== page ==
I love knit fabric! and feel very confident sewing jersey in all kinds of blends – rayon, cotton, polyester, and so on. But, ponte knits have stumped me at times. It’s an interlock double knit. A bit different, and I’ve had some magnificent failures, mostly due to my lack of practice with this fabric.
One thing I learned early on is that ponte di roma tends to come in two blends, poly/nylon/lycra and rayon (viscose)/nylon/lycra. I will never sew the poly blend again – did it once – it was awful, unpredictable, crazy stretchy, and not fun. So I stick with the rayon blend. Having several nice pieces in my stash, I decided to get with the program. I.e., work with ponte, learn how to sew it, and understand the designs with which it works best. Time for a sacrifice with a couple yards of ponte from Fabric Mart.
I chose to use Burda Style 01/2018 #119. size 36 (it’s pretty boxy). It’s a hooded jacket, with a front zipper, and curved hems. I really like this pattern! and think it would be lovely in pink sweatshirt fabric. Check out that pleated dropped sleeve…
I modified my pattern to move the side seams to the outside, but kept everything else. I’ll use it again, but my focus here was on the fabric, not the pattern.
- Technicalities: I used a size 80 universal needle in my sewing machine, and size 90 in my serger. I released the presser foot pressure on my sewing machine, since ponte is a bit thick, and used longer stitch, 2.8, and 3.0 for topstitching.
- Also, I sewed all my seams on the SM, and serged the seam allowances to finish. Ponte wants to stretch at the serger.
- The pleated sleeve on my jacket – so easy., what a great design detail. I stitched the pleats down a bit to avoid ‘ballooning’ at the seamline.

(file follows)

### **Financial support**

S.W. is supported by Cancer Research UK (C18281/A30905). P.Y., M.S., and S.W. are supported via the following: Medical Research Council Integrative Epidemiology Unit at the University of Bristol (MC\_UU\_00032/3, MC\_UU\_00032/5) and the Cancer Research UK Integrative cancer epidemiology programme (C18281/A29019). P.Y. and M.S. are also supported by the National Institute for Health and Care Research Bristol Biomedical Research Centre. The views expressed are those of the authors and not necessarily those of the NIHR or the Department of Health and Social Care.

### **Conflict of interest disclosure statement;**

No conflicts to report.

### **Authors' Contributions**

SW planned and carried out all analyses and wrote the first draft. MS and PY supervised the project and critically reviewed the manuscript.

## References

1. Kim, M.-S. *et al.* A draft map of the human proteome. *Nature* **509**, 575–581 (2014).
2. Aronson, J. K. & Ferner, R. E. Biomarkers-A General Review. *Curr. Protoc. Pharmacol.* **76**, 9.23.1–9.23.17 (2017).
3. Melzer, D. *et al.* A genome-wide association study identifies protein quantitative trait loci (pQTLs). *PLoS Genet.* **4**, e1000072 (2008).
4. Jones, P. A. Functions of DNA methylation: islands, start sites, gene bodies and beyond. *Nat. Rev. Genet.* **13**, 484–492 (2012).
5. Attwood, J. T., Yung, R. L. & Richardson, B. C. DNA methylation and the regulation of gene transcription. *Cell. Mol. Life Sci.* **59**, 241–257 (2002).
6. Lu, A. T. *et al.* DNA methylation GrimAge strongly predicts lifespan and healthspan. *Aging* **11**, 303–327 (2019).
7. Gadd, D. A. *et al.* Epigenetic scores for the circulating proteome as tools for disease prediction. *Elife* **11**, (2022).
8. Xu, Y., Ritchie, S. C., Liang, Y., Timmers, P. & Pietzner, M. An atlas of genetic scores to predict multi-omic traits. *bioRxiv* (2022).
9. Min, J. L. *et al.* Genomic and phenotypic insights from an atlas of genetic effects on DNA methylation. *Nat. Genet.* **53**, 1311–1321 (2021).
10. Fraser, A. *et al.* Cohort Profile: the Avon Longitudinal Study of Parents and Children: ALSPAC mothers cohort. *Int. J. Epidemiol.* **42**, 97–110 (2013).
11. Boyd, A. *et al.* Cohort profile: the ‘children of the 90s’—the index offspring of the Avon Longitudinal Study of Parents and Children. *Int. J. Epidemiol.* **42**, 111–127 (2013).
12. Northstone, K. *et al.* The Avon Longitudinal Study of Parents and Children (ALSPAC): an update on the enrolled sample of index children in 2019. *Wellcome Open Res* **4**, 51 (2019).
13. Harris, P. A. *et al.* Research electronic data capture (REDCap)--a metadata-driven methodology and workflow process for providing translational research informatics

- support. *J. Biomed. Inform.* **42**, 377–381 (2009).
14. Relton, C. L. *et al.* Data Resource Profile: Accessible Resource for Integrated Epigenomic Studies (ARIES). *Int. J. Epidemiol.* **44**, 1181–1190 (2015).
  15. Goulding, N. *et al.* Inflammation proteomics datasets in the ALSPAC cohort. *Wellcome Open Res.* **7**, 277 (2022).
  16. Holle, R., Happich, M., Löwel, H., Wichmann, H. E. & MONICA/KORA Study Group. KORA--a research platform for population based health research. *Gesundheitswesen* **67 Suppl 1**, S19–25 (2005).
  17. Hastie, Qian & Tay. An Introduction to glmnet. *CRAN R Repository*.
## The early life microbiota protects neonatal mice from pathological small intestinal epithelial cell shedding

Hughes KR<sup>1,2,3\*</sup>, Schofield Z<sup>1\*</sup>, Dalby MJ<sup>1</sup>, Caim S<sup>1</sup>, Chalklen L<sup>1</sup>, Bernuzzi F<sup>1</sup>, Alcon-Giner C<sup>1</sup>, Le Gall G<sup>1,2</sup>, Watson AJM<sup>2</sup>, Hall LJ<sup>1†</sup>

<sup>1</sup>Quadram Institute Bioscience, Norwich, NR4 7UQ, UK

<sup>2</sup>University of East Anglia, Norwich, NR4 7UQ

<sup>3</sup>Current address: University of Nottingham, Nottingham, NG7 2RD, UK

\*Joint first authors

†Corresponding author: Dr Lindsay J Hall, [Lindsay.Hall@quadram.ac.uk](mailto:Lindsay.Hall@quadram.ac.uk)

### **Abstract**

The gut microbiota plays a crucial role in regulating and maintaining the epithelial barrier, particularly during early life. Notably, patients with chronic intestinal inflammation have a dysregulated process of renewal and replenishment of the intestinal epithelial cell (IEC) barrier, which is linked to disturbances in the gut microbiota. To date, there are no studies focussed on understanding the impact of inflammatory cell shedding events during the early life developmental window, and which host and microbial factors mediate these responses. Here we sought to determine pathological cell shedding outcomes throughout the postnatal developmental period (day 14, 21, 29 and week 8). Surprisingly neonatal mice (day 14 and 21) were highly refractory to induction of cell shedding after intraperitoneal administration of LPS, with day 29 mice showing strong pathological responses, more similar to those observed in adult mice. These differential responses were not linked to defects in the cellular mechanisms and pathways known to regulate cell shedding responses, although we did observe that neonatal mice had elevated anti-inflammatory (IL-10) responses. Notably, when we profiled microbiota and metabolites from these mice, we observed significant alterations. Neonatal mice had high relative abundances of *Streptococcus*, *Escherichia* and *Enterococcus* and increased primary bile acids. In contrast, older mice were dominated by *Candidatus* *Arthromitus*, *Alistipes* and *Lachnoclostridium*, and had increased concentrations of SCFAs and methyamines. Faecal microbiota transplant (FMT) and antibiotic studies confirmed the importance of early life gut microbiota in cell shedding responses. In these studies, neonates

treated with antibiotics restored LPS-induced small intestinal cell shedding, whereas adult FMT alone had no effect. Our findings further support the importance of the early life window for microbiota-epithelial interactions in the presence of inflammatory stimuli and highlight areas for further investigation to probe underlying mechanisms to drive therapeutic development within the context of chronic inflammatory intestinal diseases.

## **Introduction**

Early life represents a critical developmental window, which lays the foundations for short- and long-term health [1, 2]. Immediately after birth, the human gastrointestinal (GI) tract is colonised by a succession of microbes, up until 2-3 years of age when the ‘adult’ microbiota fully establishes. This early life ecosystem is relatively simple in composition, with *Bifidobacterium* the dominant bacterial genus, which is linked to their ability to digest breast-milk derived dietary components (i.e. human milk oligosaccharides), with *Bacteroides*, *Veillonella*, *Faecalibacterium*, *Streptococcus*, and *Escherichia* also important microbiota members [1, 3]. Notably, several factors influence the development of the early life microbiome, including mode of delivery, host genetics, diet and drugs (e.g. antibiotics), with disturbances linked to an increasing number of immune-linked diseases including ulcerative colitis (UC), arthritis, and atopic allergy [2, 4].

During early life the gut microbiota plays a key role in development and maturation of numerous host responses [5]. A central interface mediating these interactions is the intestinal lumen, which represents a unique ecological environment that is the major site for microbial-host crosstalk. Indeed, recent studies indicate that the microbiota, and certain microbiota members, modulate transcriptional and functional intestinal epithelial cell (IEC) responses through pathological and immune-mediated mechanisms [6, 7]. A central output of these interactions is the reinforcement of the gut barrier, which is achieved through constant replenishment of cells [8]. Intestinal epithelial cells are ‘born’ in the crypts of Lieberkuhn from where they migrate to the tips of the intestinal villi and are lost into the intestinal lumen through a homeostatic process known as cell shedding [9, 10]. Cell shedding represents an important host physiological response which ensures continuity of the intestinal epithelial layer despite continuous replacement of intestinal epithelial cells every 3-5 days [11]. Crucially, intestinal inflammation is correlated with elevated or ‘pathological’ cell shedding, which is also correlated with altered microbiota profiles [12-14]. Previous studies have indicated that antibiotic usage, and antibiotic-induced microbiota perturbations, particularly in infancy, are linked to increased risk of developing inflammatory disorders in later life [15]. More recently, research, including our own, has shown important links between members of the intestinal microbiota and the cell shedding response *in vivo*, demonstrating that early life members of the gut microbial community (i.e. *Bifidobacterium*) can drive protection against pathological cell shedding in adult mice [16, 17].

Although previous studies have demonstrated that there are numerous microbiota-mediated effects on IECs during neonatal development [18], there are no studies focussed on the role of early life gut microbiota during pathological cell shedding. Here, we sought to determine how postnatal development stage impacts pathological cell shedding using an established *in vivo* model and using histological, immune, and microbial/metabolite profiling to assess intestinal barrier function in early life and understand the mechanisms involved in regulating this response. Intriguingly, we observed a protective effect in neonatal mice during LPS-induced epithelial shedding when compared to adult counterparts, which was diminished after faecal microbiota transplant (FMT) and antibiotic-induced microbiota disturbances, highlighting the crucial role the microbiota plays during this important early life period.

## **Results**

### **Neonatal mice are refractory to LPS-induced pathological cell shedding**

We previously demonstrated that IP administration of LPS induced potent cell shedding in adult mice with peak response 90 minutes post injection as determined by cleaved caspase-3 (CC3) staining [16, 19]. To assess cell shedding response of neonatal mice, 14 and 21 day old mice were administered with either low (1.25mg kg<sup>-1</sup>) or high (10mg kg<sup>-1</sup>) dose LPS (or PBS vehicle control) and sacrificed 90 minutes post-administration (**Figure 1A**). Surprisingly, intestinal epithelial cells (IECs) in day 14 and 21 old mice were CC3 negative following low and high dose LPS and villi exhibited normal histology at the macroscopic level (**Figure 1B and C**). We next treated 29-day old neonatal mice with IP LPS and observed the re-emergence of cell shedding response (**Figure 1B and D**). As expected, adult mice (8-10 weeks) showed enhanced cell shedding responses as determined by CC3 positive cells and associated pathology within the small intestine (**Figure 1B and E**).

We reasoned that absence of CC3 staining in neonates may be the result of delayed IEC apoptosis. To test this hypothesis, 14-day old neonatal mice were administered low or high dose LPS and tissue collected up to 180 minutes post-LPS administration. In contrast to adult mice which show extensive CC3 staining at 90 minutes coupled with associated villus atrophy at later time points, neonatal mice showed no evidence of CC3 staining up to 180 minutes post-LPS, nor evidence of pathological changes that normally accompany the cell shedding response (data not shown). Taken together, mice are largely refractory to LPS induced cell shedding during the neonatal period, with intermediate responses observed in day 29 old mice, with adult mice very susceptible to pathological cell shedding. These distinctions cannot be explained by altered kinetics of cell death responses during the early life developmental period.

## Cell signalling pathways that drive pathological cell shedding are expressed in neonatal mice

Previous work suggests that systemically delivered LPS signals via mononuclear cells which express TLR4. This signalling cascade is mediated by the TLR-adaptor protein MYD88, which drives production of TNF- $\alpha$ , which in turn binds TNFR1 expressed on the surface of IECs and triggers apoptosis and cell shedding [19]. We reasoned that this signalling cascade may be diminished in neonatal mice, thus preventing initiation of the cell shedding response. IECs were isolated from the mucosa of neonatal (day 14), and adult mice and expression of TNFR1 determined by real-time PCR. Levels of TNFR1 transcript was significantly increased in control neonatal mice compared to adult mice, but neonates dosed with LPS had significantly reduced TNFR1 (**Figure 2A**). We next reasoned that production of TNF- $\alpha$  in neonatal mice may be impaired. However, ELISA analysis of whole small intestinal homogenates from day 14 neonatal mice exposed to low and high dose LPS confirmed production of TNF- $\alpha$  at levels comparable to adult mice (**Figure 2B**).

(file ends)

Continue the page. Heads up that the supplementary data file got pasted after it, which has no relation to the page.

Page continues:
- I decided to stabilize curves and critical straight edges with knit tricot interfacing. On curved edges, I cut the interfacing across the horizontal, the stretchy pitch of the interfacing (neckline and curved hems). On straight edges (front edges, shoulders, and the straight edges of the hem), I used interfacing cut on its grain which has almost no stretch. On the pic below, the shoulder interfacing is cut on the grainline, while the interfacing on the neckline is cut horizontally.
- I drafted front and back neckline facings, also stabilized with interfacing. The facings a look so nice – no exposed seam lines, tape, or serging where the hood is attached to the jacket.
- Some results! The front edges are super nice, no waving, and I could easily have inserted a zipper.
- The lined hood is lovely and not too heavy for the jacket.
- This curved hemline is so pretty and reflects a lot of trial runs. In the end, I stabilized the edges, turned them up 3/8″, and topstitched them. Note: the pattern has bound hemline edges. I can’t imagine doing that with sweatshirt or any other fabric!
- The sleeves – I ran out of fabric, so I just worked with the cuff and shortened sleeves. The pattern has the sleeve gathered into a cuff, usual for a ‘sweatshirt’ style. And it worked out really well.
- Out of curiosity, I did two more tests: a cuff the same length as the sleeve edge, on the left, and a cuff with the sleeve edge stretched to fit. Interesting.
- On to buttonholes – a hoodie has them on the underside so that a cord can be inserted. I got the best results by using a piece of mid-weight non-woven fusible interfacing over the area on the inside, and stitching with the fusible facing the needle and the fabric against the feed dogs. Buttonholes in ponte are iffy anyway, because they tend to stretch out and take on an urban decay look.
Last shot – I always have the TV in the background in the loft, usually a movie I’ve watched a gazillion times.
I’m really glad I did this, all 4 days of it! But there’s a payoff 🙂 And I hope you find this useful,
For now, Coco